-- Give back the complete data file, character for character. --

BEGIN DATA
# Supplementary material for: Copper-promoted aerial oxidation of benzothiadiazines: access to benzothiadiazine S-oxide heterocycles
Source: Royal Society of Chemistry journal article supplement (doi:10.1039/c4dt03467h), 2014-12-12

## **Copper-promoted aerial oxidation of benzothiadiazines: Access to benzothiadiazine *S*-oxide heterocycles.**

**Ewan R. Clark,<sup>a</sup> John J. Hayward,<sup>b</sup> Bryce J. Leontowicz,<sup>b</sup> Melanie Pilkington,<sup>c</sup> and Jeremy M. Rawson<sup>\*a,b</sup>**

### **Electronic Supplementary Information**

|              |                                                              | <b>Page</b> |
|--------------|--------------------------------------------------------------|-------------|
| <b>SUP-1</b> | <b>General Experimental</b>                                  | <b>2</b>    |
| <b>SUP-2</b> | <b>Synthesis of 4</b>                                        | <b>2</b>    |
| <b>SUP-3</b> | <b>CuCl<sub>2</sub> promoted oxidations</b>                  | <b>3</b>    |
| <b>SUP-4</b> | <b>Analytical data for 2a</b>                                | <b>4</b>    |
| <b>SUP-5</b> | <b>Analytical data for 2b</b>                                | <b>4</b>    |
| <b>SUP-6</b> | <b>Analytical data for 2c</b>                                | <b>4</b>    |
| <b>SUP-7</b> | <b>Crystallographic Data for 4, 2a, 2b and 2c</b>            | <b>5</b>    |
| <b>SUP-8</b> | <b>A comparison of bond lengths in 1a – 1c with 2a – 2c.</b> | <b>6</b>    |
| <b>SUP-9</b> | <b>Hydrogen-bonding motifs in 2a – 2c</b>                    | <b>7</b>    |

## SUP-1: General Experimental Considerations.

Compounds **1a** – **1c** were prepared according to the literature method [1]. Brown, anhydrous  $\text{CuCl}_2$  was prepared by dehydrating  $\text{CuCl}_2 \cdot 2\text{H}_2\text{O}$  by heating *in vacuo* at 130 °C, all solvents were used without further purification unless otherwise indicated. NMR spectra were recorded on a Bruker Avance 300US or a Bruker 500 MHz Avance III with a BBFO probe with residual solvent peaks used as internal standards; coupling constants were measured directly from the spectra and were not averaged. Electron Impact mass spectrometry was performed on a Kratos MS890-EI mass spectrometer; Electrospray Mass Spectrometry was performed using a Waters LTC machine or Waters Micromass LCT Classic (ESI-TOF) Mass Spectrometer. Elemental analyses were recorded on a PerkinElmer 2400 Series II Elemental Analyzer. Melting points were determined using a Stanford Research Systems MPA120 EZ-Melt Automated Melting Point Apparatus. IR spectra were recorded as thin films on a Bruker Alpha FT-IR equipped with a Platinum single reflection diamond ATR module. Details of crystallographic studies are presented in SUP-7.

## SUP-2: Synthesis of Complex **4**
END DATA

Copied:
# Supplementary material for: Copper-promoted aerial oxidation of benzothiadiazines: access to benzothiadiazine S-oxide heterocycles
Source: Royal Society of Chemistry journal article supplement (doi:10.1039/c4dt03467h), 2014-12-12

## **Copper-promoted aerial oxidation of benzothiadiazines: Access to benzothiadiazine *S*-oxide heterocycles.**

**Ewan R. Clark,<sup>a</sup> John J. Hayward,<sup>b</sup> Bryce J. Leontowicz,<sup>b</sup> Melanie Pilkington,<sup>c</sup> and Jeremy M. Rawson<sup>\*a,b</sup>**

### **Electronic Supplementary Information**

|              |                                                              | <b>Page</b> |
|--------------|--------------------------------------------------------------|-------------|
| <b>SUP-1</b> | <b>General Experimental</b>                                  | <b>2</b>    |
| <b>SUP-2</b> | <b>Synthesis of 4</b>                                        | <b>2</b>    |
| <b>SUP-3</b> | <b>CuCl<sub>2</sub> promoted oxidations</b>                  | <b>3</b>    |
| <b>SUP-4</b> | <b>Analytical data for 2a</b>                                | <b>4</b>    |
| <b>SUP-5</b> | <b>Analytical data for 2b</b>                                | <b>4</b>    |
| <b>SUP-6</b> | <b>Analytical data for 2c</b>                                | <b>4</b>    |
| <b>SUP-7</b> | <b>Crystallographic Data for 4, 2a, 2b and 2c</b>            | <b>5</b>    |
| <b>SUP-8</b> | <b>A comparison of bond lengths in 1a – 1c with 2a – 2c.</b> | <b>6</b>    |
| <b>SUP-9</b> | <b>Hydrogen-bonding motifs in 2a – 2c</b>                    | <b>7</b>    |

## SUP-1: General Experimental Considerations.

Compounds **1a** – **1c** were prepared according to the literature method [1]. Brown, anhydrous  $\text{CuCl}_2$  was prepared by dehydrating  $\text{CuCl}_2 \cdot 2\text{H}_2\text{O}$  by heating *in vacuo* at 130 °C, all solvents were used without further purification unless otherwise indicated. NMR spectra were recorded on a Bruker Avance 300US or a Bruker 500 MHz Avance III with a BBFO probe with residual solvent peaks used as internal standards; coupling constants were measured directly from the spectra and were not averaged. Electron Impact mass spectrometry was performed on a Kratos MS890-EI mass spectrometer; Electrospray Mass Spectrometry was performed using a Waters LTC machine or Waters Micromass LCT Classic (ESI-TOF) Mass Spectrometer. Elemental analyses were recorded on a PerkinElmer 2400 Series II Elemental Analyzer. Melting points were determined using a Stanford Research Systems MPA120 EZ-Melt Automated Melting Point Apparatus. IR spectra were recorded as thin films on a Bruker Alpha FT-IR equipped with a Platinum single reflection diamond ATR module. Details of crystallographic studies are presented in SUP-7.

## SUP-2: Synthesis of Complex **4**